AUSTIN (KXAN) — The federal government plans to provide on-site, rapid coronavirus testing to nursing homes across the nation.
According to U.S. Health and Human Services (HHS) on Tuesday, the antigen tests will be distributed to nursing homes in “hotspot” geographic areas. The Centers for Medicare & Medicaid Services (CMS) will prioritize which homes receive the tests first, and distribution will begin next week.
After the initial distribution from the government agency, nursing homes can then procure additional tests directly from the respective manufacturers — Quidel Corporation and Becton, Dickenson and Company. HHS said nursing homes must have the capability to screen and test residents and staff on a weekly basis or according to specific guidance by the state and local health departments.
HHS also said this new effort could allow facilities to have visitors — “if appropriate for that facility.”
“This new testing initiative is critical for keeping vulnerable older adults safe while delivering the quality of life they deserve,” said CMS Administrator Seema Verma. “It gives nursing homes the ability to swiftly identify residents that need to be isolated and mitigate the spread of the virus. As one more tool in the toolbox, it represents an important step toward the long-awaited reunion of residents with their loves ones.”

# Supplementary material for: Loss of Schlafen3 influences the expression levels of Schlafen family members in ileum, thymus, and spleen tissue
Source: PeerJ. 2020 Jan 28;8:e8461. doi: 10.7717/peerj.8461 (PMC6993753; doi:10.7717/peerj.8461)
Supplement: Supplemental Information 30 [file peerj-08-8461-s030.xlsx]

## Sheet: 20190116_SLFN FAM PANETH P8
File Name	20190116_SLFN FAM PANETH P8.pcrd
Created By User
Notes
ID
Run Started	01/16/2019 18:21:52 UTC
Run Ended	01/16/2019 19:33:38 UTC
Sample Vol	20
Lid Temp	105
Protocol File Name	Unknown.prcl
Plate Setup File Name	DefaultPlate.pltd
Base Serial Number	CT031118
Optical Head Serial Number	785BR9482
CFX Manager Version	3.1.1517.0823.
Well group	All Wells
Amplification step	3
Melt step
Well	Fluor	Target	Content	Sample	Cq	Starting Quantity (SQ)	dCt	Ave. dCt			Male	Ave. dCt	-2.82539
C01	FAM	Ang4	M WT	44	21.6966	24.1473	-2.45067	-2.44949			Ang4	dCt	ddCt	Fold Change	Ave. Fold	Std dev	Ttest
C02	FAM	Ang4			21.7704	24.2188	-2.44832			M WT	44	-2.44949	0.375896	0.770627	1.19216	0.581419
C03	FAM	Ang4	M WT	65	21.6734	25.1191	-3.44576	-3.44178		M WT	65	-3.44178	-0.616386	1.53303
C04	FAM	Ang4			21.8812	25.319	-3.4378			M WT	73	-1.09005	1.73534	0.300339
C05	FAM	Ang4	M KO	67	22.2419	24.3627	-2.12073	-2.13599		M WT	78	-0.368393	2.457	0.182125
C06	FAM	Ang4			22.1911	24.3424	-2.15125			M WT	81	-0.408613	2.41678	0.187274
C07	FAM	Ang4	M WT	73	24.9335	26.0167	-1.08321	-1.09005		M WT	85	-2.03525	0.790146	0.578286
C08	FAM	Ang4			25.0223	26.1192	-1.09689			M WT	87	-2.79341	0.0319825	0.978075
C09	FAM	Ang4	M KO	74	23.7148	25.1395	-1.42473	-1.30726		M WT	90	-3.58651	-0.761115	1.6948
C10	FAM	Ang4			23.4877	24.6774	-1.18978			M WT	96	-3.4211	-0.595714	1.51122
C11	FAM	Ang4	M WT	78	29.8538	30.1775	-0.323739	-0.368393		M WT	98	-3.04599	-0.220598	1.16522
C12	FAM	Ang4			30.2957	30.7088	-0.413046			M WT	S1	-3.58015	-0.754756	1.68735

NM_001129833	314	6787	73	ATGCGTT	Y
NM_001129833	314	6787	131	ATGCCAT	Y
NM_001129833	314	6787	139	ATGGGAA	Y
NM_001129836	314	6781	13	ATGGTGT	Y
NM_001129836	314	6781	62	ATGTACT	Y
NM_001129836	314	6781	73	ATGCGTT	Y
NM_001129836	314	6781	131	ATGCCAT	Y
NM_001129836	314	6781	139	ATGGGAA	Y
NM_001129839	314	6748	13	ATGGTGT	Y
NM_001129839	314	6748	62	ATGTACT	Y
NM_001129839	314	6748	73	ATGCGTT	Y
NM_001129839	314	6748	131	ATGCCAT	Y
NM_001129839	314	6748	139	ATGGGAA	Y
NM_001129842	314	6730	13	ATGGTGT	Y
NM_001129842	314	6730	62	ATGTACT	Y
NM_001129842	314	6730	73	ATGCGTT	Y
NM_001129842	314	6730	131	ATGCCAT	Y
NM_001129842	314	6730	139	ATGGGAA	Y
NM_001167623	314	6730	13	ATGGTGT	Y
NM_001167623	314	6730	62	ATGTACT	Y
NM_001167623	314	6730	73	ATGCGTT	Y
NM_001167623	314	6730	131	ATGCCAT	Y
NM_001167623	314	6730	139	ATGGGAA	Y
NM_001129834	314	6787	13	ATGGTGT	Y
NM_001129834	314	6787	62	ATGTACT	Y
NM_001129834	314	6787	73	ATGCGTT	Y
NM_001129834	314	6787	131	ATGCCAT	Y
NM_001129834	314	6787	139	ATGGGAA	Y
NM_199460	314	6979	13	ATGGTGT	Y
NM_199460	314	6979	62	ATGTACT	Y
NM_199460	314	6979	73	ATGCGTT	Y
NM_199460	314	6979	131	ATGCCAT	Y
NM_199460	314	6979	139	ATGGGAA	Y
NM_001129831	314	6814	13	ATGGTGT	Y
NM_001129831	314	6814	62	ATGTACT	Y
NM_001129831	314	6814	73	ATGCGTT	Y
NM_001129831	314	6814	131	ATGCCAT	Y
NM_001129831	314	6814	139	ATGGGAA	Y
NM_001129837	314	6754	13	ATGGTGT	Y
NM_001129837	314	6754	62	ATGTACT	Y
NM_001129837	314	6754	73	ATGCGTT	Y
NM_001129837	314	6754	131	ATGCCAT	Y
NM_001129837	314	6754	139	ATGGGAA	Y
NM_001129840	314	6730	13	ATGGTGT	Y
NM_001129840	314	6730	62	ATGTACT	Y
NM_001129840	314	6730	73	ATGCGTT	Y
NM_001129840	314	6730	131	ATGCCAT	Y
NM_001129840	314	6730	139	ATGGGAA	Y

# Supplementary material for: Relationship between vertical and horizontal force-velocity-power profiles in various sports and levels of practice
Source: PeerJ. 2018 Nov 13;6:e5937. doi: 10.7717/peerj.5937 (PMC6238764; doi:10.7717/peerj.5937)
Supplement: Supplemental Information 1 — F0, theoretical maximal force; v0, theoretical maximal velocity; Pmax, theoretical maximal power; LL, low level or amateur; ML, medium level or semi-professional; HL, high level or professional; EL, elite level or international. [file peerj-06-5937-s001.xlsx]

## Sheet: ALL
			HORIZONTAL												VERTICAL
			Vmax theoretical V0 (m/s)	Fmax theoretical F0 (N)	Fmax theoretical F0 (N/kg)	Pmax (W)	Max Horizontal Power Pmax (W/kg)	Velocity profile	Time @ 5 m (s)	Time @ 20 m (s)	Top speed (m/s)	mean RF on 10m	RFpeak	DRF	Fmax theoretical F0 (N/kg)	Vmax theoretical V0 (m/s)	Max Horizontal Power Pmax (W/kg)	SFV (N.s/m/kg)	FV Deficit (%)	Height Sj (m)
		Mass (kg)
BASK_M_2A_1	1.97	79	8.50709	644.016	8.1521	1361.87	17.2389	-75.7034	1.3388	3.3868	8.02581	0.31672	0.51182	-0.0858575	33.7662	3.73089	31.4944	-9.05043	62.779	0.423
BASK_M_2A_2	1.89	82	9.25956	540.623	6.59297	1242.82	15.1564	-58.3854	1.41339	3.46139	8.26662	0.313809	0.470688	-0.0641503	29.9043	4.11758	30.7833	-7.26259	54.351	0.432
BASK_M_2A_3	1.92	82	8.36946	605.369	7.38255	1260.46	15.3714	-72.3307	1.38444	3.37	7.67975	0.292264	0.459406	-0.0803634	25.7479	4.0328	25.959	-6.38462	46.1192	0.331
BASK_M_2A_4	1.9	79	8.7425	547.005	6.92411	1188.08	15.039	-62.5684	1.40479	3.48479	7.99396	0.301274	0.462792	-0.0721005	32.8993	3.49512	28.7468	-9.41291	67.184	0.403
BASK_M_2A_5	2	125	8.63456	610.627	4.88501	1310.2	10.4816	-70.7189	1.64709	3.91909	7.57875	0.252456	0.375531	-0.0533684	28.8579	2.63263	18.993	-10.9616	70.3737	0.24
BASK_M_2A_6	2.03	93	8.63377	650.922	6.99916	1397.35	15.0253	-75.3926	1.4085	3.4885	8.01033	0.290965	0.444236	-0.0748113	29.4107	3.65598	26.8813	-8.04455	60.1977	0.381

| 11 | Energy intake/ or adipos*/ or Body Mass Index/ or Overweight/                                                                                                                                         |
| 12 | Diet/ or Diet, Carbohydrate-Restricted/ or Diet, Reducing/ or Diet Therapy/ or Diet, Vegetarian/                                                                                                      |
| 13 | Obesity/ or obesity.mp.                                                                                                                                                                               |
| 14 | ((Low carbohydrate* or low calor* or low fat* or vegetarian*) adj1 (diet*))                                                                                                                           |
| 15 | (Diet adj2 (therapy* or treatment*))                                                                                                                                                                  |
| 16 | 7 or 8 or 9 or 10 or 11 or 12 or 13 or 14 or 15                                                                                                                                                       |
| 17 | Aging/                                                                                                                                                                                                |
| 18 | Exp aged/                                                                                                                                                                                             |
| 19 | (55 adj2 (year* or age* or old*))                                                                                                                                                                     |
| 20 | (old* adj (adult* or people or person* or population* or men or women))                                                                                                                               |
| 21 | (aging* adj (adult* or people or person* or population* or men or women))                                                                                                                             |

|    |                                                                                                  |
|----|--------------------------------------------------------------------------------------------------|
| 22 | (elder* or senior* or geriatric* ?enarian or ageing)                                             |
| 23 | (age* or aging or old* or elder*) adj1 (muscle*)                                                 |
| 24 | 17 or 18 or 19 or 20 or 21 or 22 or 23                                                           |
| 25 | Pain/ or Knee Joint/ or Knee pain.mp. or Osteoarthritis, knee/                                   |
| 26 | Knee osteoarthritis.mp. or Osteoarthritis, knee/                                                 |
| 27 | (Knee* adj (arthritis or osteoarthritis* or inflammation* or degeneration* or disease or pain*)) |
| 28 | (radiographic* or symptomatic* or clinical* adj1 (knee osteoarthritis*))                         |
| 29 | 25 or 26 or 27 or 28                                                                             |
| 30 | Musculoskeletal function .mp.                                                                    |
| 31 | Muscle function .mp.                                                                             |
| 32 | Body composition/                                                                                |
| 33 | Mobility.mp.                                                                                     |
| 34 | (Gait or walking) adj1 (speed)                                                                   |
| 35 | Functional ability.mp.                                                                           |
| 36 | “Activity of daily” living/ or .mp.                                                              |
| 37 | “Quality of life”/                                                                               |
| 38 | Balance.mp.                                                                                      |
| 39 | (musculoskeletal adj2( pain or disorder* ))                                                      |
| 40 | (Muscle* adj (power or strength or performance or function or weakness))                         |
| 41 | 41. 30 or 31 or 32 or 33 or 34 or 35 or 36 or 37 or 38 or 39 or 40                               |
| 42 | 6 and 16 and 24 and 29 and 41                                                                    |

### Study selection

CMS will be providing FDA-approved antigen tests. These tests detect certain proteins that are part of the virus, using a nasal or throat swab to get a fluid sample. These tests are different than molecular diagnostic tests that detect the genetic material of the virus using a lab technique called polymerase chain reaction (PCR).
According to the release from HHS, “These [antigen] tests may be slightly more likely to have a false negative result than molecular PCR COVID tests.”
“The devil is in the details,” said Brian Lee, the executive director for the nonprofit Families for Better Care.
“We were really ecstatic when we heard that they were doing rapid testing,” he went on. “The euphoria wore off a little bit because they are using the antigen testing as the primary indicator in nursing homes.”
Lee said he assumes they opted for this type of testing because it’s more widely available and easier to deploy and use in the homes. He said this move was definitely a great step on the right direction, but his organization is ultimately calling for on-site molecular testing devices.
“The testing is the difference-maker. Once they have the testing in place, they can pinpoint who has the virus, get those folks to medical attention, quarantine them away from the well population, and cut the virus’s legs out from underneath it before it starts to spread more in the facility, make people sick and potentially kill them.”